Grape growers have long seen wide ranges in productivity across their vineyards, but by the time the yield was measured it was too late to manage for improvement. With precision variable rate shoot thinning, that’s no longer true.
This article was developed for the 2016 NYFVI annual report. More information can be found here.
Dr. Terry Bates and his team at the Lake Erie Grape Program wanted to learn if they could use sensors to map vine canopy growth in Concord and Niagara vineyards to generate an accurate spatial crop estimation map. Understanding yield potential based on the canopy would allow growers to manage the vines for optimum productivity using variable rate shoot thinning.
The answer was a clear yes.
A balanced crop load is critical in perennial crops. Overcropping, that is allowing the vines to produce more fruit than they can sustain, limits the next season’s crop and can damage vines. Shoot thinning practices that result in under cropping means the vines aren’t reaching their full yield potential. The goal for the project was to determine if yield variability in a vineyard could be reduced by as much as 35% while increasing the overall yield by 25%.
The first step was to determine if a map generated by sensors measuring canopy growth could be integrated with existing knowledge about vigor classification and soil data to generate an accurate crop estimation map. The work was done, and the map was validated against the actual harvest data collected by a yield monitor.
“Past viticulture research has shown the importance of crop management in sustainable quality grape production. Innovation in equipment has demonstrated how proper crop management can be achieved through cost-effective vineyarda mechanization options. We are happy with the progress on this project where we have integrated desired crop management decisions with mechanized implementation through data-driven variable-rate mechanized shoot thinning.”Dr. Terry Bates, Lake Erie Research and Extension Laboratory, Director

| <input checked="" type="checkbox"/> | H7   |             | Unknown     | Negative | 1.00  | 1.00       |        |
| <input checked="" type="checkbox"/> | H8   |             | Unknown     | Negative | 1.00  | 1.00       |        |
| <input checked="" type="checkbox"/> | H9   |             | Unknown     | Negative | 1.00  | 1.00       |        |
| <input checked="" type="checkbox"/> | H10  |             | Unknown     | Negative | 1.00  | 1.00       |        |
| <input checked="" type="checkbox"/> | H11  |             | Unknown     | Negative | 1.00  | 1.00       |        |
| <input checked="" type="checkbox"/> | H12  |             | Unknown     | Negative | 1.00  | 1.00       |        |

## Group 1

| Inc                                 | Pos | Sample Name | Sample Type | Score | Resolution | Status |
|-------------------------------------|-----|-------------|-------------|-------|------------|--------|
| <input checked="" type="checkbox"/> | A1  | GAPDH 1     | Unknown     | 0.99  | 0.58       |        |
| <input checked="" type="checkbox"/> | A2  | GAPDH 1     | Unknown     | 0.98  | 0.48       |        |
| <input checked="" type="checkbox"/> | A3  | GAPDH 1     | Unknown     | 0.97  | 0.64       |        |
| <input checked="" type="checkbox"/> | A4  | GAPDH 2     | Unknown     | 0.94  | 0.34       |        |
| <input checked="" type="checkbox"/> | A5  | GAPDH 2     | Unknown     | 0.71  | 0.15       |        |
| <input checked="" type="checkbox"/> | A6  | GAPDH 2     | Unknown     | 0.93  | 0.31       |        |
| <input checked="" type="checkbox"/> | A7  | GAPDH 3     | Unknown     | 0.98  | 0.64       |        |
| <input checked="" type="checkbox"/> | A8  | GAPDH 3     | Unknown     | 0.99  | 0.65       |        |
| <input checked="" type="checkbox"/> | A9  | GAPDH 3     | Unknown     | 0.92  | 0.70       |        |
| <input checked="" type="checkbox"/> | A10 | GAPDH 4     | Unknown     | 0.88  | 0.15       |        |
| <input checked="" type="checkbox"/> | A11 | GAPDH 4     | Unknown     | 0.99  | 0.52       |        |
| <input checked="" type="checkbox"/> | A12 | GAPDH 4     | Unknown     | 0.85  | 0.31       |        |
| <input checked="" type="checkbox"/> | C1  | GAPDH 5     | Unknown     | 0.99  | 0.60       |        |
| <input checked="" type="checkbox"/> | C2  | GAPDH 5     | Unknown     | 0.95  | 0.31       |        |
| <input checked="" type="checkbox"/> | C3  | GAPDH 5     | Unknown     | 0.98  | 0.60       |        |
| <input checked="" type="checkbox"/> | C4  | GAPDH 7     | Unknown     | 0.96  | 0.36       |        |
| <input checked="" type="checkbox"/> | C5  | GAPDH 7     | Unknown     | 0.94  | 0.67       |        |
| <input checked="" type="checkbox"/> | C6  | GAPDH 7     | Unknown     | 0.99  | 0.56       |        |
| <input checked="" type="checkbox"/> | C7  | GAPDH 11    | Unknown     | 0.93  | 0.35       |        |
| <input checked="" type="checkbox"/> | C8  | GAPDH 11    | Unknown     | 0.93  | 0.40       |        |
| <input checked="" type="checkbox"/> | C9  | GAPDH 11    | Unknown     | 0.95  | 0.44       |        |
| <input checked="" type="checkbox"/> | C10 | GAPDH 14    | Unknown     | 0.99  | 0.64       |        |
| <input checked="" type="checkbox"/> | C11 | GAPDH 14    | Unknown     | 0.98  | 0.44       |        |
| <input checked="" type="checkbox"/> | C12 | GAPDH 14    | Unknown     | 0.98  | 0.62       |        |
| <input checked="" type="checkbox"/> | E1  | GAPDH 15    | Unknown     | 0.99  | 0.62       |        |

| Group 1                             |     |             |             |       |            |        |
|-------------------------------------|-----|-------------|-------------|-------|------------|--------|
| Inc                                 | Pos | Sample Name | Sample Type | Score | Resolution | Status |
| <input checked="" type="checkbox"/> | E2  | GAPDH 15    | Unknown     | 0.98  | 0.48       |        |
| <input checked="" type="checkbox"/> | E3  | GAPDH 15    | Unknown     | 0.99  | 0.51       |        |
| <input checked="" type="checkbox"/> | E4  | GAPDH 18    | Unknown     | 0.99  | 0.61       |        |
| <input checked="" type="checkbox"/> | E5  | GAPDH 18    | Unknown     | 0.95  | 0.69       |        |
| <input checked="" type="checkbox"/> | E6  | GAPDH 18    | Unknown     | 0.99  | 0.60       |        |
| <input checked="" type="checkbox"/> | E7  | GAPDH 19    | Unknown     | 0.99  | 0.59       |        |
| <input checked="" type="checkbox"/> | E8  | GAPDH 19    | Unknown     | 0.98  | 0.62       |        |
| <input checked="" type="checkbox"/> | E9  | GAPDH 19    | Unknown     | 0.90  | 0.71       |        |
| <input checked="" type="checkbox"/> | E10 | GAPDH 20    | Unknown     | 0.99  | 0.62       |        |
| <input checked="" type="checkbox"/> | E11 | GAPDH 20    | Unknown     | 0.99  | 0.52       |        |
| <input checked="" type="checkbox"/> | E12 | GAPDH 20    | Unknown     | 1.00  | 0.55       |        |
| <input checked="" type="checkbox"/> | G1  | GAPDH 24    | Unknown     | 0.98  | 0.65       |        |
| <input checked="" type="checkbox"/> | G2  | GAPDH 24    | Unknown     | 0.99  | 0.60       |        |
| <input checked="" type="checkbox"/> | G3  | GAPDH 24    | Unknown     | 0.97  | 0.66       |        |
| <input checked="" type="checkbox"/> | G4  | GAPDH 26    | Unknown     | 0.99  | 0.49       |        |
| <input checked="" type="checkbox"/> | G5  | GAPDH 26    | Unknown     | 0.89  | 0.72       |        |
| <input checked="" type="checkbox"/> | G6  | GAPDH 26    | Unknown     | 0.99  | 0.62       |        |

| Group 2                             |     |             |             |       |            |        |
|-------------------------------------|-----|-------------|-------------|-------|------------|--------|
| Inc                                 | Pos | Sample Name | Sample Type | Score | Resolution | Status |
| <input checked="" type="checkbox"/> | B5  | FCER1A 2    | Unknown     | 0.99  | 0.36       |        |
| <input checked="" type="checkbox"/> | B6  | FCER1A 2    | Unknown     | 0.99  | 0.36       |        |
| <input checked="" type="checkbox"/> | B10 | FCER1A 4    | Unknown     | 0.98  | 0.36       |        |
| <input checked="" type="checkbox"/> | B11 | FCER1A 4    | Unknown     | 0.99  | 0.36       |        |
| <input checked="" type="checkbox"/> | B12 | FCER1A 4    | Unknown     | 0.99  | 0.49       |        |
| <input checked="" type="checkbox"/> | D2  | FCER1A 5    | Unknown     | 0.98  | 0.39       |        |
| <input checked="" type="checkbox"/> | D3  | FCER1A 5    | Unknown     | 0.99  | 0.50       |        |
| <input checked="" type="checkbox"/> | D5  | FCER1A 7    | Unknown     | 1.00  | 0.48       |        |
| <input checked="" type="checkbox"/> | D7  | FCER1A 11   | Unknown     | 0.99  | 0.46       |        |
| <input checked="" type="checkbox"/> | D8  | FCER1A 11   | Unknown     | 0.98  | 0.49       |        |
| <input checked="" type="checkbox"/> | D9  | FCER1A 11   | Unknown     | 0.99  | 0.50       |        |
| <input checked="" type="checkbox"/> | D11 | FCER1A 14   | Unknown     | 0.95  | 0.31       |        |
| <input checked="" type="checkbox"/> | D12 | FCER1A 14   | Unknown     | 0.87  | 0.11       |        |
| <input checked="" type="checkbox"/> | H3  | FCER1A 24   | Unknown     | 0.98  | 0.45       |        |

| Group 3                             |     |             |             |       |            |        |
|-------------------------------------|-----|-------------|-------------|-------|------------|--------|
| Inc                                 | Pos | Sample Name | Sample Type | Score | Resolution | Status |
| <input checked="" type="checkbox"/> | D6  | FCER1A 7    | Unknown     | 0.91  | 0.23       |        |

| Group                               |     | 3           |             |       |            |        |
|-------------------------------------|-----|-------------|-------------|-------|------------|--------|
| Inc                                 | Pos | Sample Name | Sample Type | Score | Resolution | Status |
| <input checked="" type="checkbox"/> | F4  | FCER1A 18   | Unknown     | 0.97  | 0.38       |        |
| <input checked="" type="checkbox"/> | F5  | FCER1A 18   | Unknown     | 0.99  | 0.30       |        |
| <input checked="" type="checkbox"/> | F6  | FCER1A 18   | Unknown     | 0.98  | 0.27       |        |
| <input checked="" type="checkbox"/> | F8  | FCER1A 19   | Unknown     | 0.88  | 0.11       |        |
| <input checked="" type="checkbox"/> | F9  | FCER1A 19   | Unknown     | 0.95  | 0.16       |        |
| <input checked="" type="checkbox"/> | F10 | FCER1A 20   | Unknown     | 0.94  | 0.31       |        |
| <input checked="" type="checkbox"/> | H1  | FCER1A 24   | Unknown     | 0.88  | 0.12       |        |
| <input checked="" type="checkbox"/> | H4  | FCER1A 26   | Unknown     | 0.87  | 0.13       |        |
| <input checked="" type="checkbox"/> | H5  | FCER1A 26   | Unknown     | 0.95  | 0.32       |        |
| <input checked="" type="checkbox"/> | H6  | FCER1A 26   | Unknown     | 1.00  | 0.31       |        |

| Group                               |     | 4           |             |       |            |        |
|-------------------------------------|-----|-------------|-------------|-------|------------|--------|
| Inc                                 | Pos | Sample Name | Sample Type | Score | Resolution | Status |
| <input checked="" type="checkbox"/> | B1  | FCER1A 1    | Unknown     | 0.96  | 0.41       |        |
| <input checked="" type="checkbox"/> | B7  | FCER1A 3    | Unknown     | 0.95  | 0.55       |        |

In addition to working out the sensor maps, the team knew they needed equipment to be able to implement their idea. They worked with an equipment dealer to integrate a GPS unit, prescription map software, electronic variable rate controller, hydraulic flow controlled, and flow meter with the mechanical shoot thinner. Once the equipment was in place, tests were conducted to determine the effect of paddle speed on the level of shoot removal for the next season trials.
The project also developed spatial canopy and soil maps for 700 acres in commercial vineyards to determine where to conduct the 2016 variable rate shoot thinning trials.
Next, the team moved on to implement and test variable rate shoot thinning. This management practice connects the GPS technology in the tractor to the crop estimation map allowing the operator to precisely thin the vines to regulate crop load early in the season.
Working with two 5-acre commercial Concord blocks and one 5-acre research Concord block, variable rate mechanical shoot thinning was applied across three management zones with the goal of achieving a balanced crop load. Paired sub-plots within each vineyard and management zone were compared: no shoot thinning, uniform shoot thinning, and variable shoot thinning.
The variable rate shoot thinning system works so well because it provides the information the grower needs to customize their shoot thinning practices based on the exact position of the equipment in the field. At harvest, the yield information is collected and fed back into the analysis to allow the grower to focus on the trouble spots in the vineyard in the next production cycle. Research shows a $1125 range in profitability per acre across a 20-acre block. Managing each part of the vineyard for its full potential will create more uniform productivity and profit.